Tea cultivation extended to mountain slopes where grain and vegetable production was difficult, while Chagusaba fields were cultivated in steep areas where it was difficult to even grow tea.

A cup of tea...or cha?

Tea grown in the Hwagae-myeon region of the Republic of Korea is naturally adapted to mountain slopes and harsh conditions. Hadong County Office©

Traditional Hadong tea farming system in Hwagae-myeon, Korea

The traditional Hadong tea farming system is an agricultural system established by local communities through 1,000 years of adaptation to the arid environment of Mount Jiri. More than 90 percent of the Hwagae-myeon region is covered in steep mountainous terrain with frequent flooding during the monsoon season, making sedentary agricultural activities here very difficult. The people of Huagai depend on tea cultivation for their livelihood rather than rice fields.

Over the past 1,200 years, Hadong tea plants have adapted to a harsh environment, spreading through insects and wind, giving each tea field genetic diversity. The tea fields around the Huagai River at the foot of the mountain grow in harmony with the surrounding natural environment, preserving excellent biodiversity. There are many varieties of traditional Hadong tea, which promotes biodiversity in the region. The forests and rivers provide habitat for various species of animals and plants indigenous to the Mount Jiri region.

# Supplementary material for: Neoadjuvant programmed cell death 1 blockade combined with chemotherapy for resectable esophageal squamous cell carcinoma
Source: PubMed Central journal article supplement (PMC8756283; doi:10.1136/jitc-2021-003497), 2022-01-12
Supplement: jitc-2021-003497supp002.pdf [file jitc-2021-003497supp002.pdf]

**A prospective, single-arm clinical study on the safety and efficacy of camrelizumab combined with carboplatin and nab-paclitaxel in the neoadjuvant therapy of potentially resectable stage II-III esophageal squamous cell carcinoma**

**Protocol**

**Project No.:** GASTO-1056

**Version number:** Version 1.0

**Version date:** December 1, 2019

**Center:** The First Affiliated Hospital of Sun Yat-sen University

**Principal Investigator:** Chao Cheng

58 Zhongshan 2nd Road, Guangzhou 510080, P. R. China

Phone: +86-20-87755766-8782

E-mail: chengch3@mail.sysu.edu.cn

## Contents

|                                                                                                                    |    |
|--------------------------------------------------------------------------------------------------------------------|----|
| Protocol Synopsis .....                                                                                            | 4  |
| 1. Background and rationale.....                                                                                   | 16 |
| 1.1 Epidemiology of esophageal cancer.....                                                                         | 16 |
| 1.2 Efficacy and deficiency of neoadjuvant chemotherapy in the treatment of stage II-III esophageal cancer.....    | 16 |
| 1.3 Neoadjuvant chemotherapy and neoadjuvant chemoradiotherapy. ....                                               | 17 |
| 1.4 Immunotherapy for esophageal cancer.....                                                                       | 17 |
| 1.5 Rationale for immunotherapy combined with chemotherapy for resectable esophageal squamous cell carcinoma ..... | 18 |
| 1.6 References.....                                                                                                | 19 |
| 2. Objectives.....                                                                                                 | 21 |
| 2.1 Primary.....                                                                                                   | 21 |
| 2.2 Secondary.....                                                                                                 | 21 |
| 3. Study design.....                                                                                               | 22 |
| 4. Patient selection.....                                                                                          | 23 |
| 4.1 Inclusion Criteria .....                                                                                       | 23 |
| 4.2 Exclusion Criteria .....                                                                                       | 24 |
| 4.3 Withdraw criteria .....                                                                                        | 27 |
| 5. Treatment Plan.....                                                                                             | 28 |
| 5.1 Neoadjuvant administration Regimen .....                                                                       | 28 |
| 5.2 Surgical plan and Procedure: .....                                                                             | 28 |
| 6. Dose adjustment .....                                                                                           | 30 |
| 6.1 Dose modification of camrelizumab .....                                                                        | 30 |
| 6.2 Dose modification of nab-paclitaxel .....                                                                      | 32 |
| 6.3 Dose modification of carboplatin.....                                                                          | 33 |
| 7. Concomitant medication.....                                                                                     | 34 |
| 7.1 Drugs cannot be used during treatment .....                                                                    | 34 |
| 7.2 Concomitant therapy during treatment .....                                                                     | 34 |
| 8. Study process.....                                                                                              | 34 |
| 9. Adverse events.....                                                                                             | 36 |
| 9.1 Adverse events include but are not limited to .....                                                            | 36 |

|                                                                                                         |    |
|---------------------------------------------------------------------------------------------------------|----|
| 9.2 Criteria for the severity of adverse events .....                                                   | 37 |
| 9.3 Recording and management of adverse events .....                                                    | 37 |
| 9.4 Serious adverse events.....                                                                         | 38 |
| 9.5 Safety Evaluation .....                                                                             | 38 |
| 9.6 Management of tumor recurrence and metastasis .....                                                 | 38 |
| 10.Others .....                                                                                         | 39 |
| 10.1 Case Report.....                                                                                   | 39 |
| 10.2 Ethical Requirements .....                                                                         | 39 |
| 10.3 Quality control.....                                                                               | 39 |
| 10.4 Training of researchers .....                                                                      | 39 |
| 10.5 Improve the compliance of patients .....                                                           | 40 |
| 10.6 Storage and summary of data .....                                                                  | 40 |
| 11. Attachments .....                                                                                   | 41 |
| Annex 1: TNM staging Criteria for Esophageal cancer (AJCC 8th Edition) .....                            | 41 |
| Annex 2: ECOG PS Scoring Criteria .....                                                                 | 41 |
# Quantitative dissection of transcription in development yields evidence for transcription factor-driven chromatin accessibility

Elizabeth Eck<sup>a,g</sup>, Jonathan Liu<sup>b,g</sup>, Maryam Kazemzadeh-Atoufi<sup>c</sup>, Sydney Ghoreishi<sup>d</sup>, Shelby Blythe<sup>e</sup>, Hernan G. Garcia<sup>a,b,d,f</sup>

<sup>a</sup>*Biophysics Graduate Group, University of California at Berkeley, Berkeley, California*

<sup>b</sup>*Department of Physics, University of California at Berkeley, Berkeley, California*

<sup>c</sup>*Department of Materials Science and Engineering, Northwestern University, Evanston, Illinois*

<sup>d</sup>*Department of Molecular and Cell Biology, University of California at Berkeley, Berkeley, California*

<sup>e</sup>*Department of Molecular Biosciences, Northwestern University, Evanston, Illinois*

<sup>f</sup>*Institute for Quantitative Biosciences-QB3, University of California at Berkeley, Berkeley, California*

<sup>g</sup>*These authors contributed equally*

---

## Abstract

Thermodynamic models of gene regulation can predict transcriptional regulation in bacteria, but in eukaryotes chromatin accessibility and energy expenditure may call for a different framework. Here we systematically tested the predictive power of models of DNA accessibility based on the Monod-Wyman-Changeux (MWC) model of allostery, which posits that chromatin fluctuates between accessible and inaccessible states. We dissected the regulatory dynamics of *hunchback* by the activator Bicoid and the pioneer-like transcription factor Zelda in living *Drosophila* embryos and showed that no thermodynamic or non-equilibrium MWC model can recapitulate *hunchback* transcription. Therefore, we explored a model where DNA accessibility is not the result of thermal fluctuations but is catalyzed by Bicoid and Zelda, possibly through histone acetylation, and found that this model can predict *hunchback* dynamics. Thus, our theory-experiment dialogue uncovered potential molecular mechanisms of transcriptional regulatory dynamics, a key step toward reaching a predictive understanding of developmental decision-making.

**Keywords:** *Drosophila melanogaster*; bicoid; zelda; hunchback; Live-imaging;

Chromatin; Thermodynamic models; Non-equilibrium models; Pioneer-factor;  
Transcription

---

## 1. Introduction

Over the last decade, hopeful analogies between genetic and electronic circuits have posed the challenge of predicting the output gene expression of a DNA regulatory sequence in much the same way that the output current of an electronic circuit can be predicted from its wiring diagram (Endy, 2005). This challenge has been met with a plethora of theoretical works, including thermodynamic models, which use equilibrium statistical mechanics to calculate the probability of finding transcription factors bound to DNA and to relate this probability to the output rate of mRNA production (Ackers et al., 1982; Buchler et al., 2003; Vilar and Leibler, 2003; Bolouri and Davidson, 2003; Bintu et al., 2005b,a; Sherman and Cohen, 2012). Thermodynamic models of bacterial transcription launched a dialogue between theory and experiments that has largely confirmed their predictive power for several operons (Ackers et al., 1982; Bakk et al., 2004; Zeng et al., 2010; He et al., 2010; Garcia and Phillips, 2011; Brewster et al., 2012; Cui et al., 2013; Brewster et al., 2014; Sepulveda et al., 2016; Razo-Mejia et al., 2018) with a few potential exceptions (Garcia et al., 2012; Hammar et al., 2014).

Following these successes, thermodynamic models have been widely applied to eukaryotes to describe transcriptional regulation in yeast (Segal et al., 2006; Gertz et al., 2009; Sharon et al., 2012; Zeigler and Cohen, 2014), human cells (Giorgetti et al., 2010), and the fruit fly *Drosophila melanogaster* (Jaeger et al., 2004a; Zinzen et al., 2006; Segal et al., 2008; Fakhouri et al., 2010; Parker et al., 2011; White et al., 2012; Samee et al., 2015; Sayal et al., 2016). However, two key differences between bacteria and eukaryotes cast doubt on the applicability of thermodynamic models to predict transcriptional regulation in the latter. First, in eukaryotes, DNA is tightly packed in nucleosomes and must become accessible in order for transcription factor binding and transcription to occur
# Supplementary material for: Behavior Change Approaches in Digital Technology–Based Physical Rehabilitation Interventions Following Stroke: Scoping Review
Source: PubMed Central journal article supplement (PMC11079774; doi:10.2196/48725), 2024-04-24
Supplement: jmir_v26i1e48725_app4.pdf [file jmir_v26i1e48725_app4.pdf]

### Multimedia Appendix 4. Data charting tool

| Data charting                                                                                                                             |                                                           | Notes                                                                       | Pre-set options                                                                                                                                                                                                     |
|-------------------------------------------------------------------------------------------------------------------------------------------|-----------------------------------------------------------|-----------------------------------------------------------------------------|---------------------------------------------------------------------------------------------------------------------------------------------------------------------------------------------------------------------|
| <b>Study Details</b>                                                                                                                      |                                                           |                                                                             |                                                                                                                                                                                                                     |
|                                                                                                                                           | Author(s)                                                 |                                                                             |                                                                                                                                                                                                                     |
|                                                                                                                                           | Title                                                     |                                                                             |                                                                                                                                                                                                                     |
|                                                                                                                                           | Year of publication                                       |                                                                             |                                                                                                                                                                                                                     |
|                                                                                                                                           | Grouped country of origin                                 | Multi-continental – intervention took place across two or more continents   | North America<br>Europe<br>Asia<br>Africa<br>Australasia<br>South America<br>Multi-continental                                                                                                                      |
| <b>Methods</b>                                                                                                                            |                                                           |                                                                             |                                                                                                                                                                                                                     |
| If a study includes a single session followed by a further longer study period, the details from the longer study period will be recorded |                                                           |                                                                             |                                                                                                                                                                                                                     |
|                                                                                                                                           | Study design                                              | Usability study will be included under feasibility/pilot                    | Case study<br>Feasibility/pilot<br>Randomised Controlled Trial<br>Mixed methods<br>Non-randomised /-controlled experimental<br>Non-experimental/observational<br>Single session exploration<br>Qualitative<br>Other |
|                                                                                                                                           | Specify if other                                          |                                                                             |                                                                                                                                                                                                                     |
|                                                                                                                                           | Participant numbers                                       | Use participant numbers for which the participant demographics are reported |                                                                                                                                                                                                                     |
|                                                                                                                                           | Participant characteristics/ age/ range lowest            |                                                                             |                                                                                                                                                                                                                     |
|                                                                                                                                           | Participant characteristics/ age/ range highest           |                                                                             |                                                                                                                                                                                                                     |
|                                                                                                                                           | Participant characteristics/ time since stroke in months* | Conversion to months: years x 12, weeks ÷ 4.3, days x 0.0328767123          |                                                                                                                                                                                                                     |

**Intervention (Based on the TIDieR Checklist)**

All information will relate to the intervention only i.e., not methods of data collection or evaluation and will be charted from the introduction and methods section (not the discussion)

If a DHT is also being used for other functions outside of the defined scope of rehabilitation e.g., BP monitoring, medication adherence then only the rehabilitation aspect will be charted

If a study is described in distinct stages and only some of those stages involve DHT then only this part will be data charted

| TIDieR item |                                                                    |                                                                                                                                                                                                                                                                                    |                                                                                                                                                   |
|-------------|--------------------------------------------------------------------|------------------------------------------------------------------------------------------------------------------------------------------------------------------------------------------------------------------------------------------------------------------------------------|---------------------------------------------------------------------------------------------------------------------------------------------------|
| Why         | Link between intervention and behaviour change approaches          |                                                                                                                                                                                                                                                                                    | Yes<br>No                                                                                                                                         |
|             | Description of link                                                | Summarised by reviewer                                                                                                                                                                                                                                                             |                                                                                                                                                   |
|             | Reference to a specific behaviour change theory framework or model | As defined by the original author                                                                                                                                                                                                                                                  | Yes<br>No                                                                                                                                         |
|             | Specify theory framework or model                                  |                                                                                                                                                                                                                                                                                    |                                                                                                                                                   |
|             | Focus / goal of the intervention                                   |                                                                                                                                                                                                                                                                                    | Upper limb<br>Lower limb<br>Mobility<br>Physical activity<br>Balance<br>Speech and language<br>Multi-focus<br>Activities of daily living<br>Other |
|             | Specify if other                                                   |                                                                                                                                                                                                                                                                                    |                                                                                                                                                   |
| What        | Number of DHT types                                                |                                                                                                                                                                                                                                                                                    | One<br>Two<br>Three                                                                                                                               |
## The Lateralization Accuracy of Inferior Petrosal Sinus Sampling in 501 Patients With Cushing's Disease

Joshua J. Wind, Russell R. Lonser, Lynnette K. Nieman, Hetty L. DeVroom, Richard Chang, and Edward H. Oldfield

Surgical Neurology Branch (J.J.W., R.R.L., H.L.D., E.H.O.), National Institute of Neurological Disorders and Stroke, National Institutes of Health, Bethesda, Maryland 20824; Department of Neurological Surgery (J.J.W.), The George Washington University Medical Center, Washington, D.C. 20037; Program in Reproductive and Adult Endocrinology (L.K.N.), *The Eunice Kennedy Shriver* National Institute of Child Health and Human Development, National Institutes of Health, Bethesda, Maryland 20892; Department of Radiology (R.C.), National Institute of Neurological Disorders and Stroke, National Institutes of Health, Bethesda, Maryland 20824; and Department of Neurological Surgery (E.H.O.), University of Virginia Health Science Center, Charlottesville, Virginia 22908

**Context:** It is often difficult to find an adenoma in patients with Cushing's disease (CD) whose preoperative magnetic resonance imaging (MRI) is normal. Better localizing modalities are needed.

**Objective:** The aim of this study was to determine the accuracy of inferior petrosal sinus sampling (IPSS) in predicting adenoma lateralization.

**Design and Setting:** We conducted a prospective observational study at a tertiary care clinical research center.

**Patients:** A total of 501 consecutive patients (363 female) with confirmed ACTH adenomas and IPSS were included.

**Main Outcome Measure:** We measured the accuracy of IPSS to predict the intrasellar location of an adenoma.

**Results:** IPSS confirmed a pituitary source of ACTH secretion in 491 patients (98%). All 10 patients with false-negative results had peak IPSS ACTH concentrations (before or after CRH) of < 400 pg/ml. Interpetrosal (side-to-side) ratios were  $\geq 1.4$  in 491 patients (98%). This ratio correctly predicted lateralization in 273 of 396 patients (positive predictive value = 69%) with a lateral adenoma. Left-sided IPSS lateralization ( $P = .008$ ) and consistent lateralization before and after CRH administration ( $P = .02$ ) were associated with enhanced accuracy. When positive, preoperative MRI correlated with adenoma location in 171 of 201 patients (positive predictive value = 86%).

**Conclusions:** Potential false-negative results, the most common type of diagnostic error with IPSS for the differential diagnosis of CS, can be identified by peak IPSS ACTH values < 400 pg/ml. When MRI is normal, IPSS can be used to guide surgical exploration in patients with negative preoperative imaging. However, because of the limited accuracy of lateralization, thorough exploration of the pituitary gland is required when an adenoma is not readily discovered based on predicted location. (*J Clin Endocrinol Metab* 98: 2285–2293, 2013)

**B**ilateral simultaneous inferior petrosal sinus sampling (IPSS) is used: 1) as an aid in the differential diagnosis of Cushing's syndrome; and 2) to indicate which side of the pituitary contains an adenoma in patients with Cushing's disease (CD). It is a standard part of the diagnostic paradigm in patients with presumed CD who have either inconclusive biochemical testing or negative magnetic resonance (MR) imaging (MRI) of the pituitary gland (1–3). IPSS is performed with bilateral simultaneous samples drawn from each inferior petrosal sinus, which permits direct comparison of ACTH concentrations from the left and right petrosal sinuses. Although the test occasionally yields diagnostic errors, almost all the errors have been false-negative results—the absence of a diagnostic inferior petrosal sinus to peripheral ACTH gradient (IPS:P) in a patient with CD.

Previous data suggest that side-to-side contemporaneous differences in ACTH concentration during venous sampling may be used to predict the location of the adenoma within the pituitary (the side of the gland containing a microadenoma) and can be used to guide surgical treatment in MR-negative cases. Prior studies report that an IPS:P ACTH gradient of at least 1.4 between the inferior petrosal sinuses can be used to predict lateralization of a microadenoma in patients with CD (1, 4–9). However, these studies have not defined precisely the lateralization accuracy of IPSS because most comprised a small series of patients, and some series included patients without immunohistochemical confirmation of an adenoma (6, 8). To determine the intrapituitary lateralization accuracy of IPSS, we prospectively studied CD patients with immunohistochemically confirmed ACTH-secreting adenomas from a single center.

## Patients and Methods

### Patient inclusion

Tea has traveled the world over the centuries, from its origins in China thousands of years ago to its place today as a staple in the homes of many people around the world. Tea production and processing is the main source of income for millions of families in developing countries, providing income to millions of poor families living in a number of least developed countries. Tea production is key to fighting hunger, reducing extreme poverty, empowering women and ensuring sustainable land use. Therefore, the United Nations designated May 21 as International Tea Day to celebrate tea production and raise awareness about the importance of tea for rural development, sustainable livelihoods and its contribution to food security and sustainable development goals.

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This story is an updated version of the one published in 20 Can 2021.